I don't know. I think among younger readers they're reading it not so much about grief but as the story of a marriage. A number of younger women said that to me when I was traveling with it this fall. That surprised me.

They were touched by how close you were?

Yeah. It was a 40-year marriage and they were maybe starting new marriages and could not conceive of how you did 40 years. But as far as the people who are responding to the description of grief, a lot of them obviously were people who had gone through grief but had been unable to talk about it. Because really it's not culturally approved.

Do you think that by writing this book you're attempting to counter the cultural impulse to hide death, to suppress grief?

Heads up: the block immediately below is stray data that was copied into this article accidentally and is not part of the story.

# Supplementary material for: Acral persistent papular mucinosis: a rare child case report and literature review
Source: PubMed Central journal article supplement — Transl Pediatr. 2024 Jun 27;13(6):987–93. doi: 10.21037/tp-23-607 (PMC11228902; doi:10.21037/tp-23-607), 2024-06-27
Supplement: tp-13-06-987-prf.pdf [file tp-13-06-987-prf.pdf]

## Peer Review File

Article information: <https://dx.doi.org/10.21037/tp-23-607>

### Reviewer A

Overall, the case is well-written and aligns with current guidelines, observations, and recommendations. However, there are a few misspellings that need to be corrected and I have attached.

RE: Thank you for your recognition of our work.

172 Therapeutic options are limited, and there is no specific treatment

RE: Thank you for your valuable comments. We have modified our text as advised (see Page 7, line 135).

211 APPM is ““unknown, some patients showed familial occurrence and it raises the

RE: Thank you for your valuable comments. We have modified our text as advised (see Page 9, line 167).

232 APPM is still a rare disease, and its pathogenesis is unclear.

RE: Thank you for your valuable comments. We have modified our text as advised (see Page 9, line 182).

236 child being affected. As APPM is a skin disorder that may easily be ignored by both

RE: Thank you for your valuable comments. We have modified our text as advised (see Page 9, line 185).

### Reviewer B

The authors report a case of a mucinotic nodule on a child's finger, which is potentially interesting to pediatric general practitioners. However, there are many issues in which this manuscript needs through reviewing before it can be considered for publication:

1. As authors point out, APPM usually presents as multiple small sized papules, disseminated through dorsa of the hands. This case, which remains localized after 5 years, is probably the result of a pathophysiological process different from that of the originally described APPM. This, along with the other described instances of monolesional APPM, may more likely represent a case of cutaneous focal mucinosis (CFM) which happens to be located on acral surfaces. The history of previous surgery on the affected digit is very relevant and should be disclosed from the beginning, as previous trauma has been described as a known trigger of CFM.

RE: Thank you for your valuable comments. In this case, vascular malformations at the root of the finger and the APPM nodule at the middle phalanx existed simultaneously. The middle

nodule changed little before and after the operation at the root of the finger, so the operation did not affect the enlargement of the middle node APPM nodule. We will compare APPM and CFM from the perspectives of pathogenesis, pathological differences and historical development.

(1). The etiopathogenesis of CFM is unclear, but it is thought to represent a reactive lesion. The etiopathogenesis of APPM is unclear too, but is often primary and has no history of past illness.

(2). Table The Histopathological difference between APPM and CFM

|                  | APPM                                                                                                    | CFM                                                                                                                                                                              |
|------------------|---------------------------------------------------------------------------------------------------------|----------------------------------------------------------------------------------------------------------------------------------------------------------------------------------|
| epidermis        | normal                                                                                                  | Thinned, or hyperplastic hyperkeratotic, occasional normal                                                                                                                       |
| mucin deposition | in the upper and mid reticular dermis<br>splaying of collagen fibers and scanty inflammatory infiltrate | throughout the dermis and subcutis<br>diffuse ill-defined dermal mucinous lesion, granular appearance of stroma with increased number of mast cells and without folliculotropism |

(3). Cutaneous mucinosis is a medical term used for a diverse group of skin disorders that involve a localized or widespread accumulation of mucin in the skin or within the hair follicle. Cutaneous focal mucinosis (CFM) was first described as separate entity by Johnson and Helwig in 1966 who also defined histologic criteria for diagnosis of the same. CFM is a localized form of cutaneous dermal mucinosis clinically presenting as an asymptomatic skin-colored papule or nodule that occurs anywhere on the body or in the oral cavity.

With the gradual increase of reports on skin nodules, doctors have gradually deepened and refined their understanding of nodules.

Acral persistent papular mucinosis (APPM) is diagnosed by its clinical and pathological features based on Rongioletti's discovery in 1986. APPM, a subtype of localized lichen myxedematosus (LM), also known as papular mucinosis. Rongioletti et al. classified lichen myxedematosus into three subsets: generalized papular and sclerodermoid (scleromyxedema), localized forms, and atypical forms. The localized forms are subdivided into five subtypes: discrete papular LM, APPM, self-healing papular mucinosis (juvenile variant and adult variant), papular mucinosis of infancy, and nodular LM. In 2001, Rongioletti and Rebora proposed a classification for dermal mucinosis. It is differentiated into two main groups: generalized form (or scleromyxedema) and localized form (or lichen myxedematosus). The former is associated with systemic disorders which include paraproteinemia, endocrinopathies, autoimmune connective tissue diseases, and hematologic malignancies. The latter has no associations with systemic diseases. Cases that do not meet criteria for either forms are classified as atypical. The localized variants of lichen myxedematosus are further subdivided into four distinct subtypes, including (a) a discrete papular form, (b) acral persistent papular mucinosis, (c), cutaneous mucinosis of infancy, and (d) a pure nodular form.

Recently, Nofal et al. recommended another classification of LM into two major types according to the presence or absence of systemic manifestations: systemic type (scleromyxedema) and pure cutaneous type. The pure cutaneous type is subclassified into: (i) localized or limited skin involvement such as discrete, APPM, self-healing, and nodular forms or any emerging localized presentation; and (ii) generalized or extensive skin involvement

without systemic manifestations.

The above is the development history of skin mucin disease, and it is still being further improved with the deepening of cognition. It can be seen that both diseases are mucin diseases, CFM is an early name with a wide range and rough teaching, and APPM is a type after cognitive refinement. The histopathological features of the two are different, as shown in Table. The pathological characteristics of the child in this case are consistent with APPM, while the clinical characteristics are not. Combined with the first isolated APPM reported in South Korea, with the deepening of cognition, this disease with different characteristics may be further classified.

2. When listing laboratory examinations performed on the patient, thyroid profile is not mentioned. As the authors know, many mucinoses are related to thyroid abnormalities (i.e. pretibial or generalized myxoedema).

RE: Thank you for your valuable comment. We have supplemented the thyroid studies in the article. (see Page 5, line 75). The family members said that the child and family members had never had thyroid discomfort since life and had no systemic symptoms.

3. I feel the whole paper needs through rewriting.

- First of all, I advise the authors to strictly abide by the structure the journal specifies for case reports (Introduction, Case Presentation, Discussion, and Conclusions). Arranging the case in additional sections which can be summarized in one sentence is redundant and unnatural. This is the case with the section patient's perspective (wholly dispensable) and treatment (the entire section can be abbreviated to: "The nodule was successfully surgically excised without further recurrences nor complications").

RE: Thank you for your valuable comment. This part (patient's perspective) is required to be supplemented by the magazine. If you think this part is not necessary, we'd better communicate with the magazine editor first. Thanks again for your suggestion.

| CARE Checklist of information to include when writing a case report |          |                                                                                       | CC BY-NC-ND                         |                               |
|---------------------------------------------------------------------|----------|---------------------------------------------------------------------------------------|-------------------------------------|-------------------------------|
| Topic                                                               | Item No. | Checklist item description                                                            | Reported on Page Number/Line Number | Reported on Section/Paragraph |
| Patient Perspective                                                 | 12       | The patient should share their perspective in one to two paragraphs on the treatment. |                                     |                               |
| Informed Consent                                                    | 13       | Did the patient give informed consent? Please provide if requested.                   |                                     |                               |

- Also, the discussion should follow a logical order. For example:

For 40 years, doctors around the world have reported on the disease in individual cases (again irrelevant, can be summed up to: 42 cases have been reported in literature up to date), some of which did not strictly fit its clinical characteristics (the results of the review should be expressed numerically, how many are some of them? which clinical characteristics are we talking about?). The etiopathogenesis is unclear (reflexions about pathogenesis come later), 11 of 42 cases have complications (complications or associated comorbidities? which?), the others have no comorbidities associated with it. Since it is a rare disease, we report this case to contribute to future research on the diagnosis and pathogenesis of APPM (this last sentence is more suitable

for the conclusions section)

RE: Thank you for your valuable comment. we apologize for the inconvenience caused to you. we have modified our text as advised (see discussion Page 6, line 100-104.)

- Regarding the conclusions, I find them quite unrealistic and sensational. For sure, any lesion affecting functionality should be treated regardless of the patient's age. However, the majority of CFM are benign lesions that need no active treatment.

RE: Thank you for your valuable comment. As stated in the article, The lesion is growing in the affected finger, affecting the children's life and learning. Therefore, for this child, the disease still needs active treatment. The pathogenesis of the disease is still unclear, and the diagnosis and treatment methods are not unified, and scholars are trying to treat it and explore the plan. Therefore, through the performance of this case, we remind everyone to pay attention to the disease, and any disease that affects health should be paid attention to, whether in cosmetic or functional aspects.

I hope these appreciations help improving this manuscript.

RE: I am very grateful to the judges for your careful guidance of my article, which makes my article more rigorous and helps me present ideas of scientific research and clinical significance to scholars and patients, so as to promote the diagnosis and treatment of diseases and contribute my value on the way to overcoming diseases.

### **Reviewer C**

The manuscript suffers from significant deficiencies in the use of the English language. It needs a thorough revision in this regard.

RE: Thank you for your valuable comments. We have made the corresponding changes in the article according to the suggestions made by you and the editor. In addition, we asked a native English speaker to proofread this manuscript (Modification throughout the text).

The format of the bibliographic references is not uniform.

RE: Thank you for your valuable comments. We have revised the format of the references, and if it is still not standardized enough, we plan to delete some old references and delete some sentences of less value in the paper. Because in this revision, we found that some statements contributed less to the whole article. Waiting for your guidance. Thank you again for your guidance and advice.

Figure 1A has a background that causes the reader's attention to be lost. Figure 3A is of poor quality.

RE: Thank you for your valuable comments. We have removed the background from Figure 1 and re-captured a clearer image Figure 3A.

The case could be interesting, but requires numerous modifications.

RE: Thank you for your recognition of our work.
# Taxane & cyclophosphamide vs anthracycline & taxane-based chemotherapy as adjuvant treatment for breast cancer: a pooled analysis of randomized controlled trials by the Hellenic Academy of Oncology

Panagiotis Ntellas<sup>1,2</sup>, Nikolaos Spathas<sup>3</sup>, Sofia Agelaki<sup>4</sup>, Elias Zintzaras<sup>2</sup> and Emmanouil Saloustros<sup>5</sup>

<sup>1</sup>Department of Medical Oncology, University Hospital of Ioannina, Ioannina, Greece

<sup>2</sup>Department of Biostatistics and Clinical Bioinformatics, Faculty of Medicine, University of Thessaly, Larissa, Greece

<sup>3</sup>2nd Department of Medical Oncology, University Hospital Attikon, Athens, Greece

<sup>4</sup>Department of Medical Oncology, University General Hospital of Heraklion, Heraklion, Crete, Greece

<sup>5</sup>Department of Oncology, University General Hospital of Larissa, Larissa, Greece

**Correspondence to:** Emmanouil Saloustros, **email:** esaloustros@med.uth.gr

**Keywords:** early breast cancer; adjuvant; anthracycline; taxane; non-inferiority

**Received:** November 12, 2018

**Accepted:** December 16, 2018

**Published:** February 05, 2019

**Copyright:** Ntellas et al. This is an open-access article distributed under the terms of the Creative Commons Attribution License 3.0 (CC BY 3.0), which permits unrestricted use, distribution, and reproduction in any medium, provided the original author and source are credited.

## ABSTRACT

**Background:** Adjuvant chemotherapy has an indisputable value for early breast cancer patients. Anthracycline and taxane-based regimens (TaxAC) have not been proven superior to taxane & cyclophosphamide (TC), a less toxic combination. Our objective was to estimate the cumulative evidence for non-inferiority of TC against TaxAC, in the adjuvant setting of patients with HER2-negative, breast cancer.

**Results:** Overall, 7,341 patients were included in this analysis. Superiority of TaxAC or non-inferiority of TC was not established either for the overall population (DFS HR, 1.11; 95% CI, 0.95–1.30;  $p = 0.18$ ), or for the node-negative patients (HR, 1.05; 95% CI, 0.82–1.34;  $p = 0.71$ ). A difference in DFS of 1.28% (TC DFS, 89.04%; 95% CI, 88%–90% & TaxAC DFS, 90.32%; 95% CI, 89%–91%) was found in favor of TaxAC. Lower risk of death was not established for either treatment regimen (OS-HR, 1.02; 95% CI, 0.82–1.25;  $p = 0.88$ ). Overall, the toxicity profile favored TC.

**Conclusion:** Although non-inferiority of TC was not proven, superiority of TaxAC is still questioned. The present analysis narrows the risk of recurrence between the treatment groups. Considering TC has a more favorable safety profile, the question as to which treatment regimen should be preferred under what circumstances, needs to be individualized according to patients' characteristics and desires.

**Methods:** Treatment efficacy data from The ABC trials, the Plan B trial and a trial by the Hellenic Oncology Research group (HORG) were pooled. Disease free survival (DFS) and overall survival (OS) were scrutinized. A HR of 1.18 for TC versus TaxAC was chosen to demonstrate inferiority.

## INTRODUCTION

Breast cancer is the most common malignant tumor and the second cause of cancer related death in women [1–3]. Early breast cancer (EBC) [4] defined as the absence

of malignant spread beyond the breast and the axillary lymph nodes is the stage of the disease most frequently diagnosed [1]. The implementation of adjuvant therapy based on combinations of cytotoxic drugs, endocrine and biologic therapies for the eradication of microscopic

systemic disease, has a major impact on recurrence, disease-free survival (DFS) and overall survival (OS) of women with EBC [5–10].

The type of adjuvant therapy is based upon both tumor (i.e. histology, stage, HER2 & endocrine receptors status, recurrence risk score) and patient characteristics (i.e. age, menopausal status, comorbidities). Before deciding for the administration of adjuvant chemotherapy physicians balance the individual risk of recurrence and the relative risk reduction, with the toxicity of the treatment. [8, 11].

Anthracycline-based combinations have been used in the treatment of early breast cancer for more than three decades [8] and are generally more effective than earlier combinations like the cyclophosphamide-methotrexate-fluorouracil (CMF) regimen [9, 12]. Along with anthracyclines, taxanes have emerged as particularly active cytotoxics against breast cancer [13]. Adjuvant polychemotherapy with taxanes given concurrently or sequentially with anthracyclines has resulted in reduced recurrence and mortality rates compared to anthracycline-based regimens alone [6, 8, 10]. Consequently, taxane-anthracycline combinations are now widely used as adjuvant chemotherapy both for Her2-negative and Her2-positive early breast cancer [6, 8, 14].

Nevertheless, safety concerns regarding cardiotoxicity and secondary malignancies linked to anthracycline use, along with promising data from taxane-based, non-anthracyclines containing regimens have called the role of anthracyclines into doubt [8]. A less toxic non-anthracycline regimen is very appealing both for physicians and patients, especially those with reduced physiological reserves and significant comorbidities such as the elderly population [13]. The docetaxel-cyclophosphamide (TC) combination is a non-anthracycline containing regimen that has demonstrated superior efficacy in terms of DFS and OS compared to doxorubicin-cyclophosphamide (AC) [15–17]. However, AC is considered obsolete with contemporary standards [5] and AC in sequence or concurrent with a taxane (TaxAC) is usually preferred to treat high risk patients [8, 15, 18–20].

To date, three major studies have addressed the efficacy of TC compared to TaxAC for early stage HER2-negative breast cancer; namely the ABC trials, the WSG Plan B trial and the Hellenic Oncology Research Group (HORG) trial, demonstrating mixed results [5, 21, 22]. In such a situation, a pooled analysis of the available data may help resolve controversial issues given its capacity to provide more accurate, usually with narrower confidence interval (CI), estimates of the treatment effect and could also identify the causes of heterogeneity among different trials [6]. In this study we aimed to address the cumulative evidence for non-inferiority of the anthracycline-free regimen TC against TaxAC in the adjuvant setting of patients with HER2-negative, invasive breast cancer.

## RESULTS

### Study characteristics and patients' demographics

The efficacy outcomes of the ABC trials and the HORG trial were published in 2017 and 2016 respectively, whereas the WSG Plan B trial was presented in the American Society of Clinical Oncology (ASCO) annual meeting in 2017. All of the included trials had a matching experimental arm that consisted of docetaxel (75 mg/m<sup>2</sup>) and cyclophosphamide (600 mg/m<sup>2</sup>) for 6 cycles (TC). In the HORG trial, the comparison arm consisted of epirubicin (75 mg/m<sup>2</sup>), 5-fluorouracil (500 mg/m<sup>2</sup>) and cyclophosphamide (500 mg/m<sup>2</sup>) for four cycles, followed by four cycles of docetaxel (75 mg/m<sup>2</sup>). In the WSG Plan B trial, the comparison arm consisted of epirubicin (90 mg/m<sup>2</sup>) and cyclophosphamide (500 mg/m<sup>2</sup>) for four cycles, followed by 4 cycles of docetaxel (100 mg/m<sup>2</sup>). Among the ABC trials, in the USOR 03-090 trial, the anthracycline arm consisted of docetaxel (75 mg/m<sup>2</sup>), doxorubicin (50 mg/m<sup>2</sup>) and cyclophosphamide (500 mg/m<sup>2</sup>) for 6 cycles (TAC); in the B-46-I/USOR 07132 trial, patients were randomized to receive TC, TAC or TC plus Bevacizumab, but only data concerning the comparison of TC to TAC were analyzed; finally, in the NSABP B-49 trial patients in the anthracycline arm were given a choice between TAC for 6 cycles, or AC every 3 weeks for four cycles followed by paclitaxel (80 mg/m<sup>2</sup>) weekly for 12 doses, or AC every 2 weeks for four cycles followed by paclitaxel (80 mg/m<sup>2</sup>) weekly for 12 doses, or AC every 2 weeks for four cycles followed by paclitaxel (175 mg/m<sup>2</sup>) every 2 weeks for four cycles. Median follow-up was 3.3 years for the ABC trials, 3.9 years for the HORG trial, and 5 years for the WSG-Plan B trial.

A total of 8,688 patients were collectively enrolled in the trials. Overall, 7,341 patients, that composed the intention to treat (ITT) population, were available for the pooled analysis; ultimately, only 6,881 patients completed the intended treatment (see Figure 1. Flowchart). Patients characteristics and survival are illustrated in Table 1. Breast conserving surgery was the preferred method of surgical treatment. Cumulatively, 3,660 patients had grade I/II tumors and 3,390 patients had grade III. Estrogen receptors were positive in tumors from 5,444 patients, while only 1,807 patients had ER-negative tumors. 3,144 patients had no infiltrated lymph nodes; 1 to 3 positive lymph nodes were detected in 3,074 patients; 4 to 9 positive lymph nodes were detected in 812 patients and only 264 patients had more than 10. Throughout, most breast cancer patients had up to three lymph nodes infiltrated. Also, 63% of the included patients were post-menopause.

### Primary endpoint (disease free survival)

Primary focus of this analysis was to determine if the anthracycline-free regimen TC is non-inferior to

Yes. That wasn't my conscious intention, but as I went on, it became a very strong sense that I had to actually describe this phenomenon that nobody was talking about.

I think large numbers of people are becoming aware of this because the baby boomers are reaching an age when people are dying around them and they're looking at their own mortality. And suddenly it's uncharted territory to them.

Was there anything that anyone said or did for you that especially comforted you?

There's a general impulse to distract the grieving person—as if you could. But there were a few friends who allowed me to talk about it, to just bring it up in the middle of dinner or something without disapproving or trying to change the subject or not to let me talk about it. People who were easy enough with the idea of death to let it come up in the course of an evening were the most helpful.